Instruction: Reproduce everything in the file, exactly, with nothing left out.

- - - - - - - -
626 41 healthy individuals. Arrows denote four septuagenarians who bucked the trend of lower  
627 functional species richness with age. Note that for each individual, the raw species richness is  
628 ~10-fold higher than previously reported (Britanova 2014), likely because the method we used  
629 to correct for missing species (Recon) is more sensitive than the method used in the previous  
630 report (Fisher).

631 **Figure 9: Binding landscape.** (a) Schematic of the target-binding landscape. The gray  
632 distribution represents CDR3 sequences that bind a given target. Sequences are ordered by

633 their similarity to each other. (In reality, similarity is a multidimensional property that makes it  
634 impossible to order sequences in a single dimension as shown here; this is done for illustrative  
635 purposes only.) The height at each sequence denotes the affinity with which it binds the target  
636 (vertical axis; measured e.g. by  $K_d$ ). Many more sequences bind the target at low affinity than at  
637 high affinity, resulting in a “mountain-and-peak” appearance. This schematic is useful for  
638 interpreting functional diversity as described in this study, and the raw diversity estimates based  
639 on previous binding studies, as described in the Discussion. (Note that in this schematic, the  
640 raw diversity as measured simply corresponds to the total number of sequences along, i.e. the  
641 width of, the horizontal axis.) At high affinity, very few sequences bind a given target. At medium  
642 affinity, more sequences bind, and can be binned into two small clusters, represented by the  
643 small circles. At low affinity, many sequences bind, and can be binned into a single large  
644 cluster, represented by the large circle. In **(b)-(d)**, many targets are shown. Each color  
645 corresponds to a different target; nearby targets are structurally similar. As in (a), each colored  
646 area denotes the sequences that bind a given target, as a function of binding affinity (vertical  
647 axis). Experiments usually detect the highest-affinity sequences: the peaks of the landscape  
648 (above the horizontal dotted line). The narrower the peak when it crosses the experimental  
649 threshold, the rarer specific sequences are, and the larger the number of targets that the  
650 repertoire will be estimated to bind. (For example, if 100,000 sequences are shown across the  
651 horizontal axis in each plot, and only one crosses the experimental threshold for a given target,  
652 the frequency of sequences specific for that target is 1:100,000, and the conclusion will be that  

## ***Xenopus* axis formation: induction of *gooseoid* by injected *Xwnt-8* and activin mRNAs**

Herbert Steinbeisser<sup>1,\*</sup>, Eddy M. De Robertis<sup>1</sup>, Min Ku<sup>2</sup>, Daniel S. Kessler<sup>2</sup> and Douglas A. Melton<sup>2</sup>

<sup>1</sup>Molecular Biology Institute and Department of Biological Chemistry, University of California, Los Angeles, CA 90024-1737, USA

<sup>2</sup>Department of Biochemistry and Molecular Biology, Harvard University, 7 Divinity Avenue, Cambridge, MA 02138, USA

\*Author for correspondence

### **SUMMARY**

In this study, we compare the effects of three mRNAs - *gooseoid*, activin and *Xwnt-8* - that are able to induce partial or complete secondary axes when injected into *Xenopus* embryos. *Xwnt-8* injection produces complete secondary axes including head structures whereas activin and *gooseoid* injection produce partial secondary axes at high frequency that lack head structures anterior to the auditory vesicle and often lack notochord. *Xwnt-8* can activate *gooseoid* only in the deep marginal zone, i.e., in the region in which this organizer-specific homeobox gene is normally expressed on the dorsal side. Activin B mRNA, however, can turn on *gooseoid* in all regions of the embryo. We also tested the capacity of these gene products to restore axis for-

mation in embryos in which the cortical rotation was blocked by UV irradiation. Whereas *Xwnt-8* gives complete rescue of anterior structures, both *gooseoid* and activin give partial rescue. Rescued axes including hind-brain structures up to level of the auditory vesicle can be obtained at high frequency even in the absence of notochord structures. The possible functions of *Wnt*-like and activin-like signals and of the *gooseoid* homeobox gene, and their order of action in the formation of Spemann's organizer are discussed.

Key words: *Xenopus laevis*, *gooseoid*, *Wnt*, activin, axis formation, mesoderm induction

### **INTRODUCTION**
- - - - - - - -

626 41 healthy individuals. Arrows denote four septuagenarians who bucked the trend of lower  
627 functional species richness with age. Note that for each individual, the raw species richness is  
628 ~10-fold higher than previously reported (Britanova 2014), likely because the method we used  
629 to correct for missing species (Recon) is more sensitive than the method used in the previous  
630 report (Fisher).

631 **Figure 9: Binding landscape.** (a) Schematic of the target-binding landscape. The gray  
632 distribution represents CDR3 sequences that bind a given target. Sequences are ordered by

633 their similarity to each other. (In reality, similarity is a multidimensional property that makes it  
634 impossible to order sequences in a single dimension as shown here; this is done for illustrative  
635 purposes only.) The height at each sequence denotes the affinity with which it binds the target  
636 (vertical axis; measured e.g. by  $K_d$ ). Many more sequences bind the target at low affinity than at  
637 high affinity, resulting in a “mountain-and-peak” appearance. This schematic is useful for  
638 interpreting functional diversity as described in this study, and the raw diversity estimates based  
639 on previous binding studies, as described in the Discussion. (Note that in this schematic, the  
640 raw diversity as measured simply corresponds to the total number of sequences along, i.e. the  
641 width of, the horizontal axis.) At high affinity, very few sequences bind a given target. At medium  
642 affinity, more sequences bind, and can be binned into two small clusters, represented by the  
643 small circles. At low affinity, many sequences bind, and can be binned into a single large  
644 cluster, represented by the large circle. In **(b)-(d)**, many targets are shown. Each color  
645 corresponds to a different target; nearby targets are structurally similar. As in (a), each colored  
646 area denotes the sequences that bind a given target, as a function of binding affinity (vertical  
647 axis). Experiments usually detect the highest-affinity sequences: the peaks of the landscape  
648 (above the horizontal dotted line). The narrower the peak when it crosses the experimental  
649 threshold, the rarer specific sequences are, and the larger the number of targets that the  
650 repertoire will be estimated to bind. (For example, if 100,000 sequences are shown across the  
651 horizontal axis in each plot, and only one crosses the experimental threshold for a given target,  
652 the frequency of sequences specific for that target is 1:100,000, and the conclusion will be that  

## ***Xenopus* axis formation: induction of *gooseoid* by injected *Xwnt-8* and activin mRNAs**

Herbert Steinbeisser<sup>1,\*</sup>, Eddy M. De Robertis<sup>1</sup>, Min Ku<sup>2</sup>, Daniel S. Kessler<sup>2</sup> and Douglas A. Melton<sup>2</sup>

<sup>1</sup>Molecular Biology Institute and Department of Biological Chemistry, University of California, Los Angeles, CA 90024-1737, USA

<sup>2</sup>Department of Biochemistry and Molecular Biology, Harvard University, 7 Divinity Avenue, Cambridge, MA 02138, USA

\*Author for correspondence

### **SUMMARY**

In this study, we compare the effects of three mRNAs - *gooseoid*, activin and *Xwnt-8* - that are able to induce partial or complete secondary axes when injected into *Xenopus* embryos. *Xwnt-8* injection produces complete secondary axes including head structures whereas activin and *gooseoid* injection produce partial secondary axes at high frequency that lack head structures anterior to the auditory vesicle and often lack notochord. *Xwnt-8* can activate *gooseoid* only in the deep marginal zone, i.e., in the region in which this organizer-specific homeobox gene is normally expressed on the dorsal side. Activin B mRNA, however, can turn on *gooseoid* in all regions of the embryo. We also tested the capacity of these gene products to restore axis for-

mation in embryos in which the cortical rotation was blocked by UV irradiation. Whereas *Xwnt-8* gives complete rescue of anterior structures, both *gooseoid* and activin give partial rescue. Rescued axes including hind-brain structures up to level of the auditory vesicle can be obtained at high frequency even in the absence of notochord structures. The possible functions of *Wnt*-like and activin-like signals and of the *gooseoid* homeobox gene, and their order of action in the formation of Spemann's organizer are discussed.

Key words: *Xenopus laevis*, *gooseoid*, *Wnt*, activin, axis formation, mesoderm induction

### **INTRODUCTION**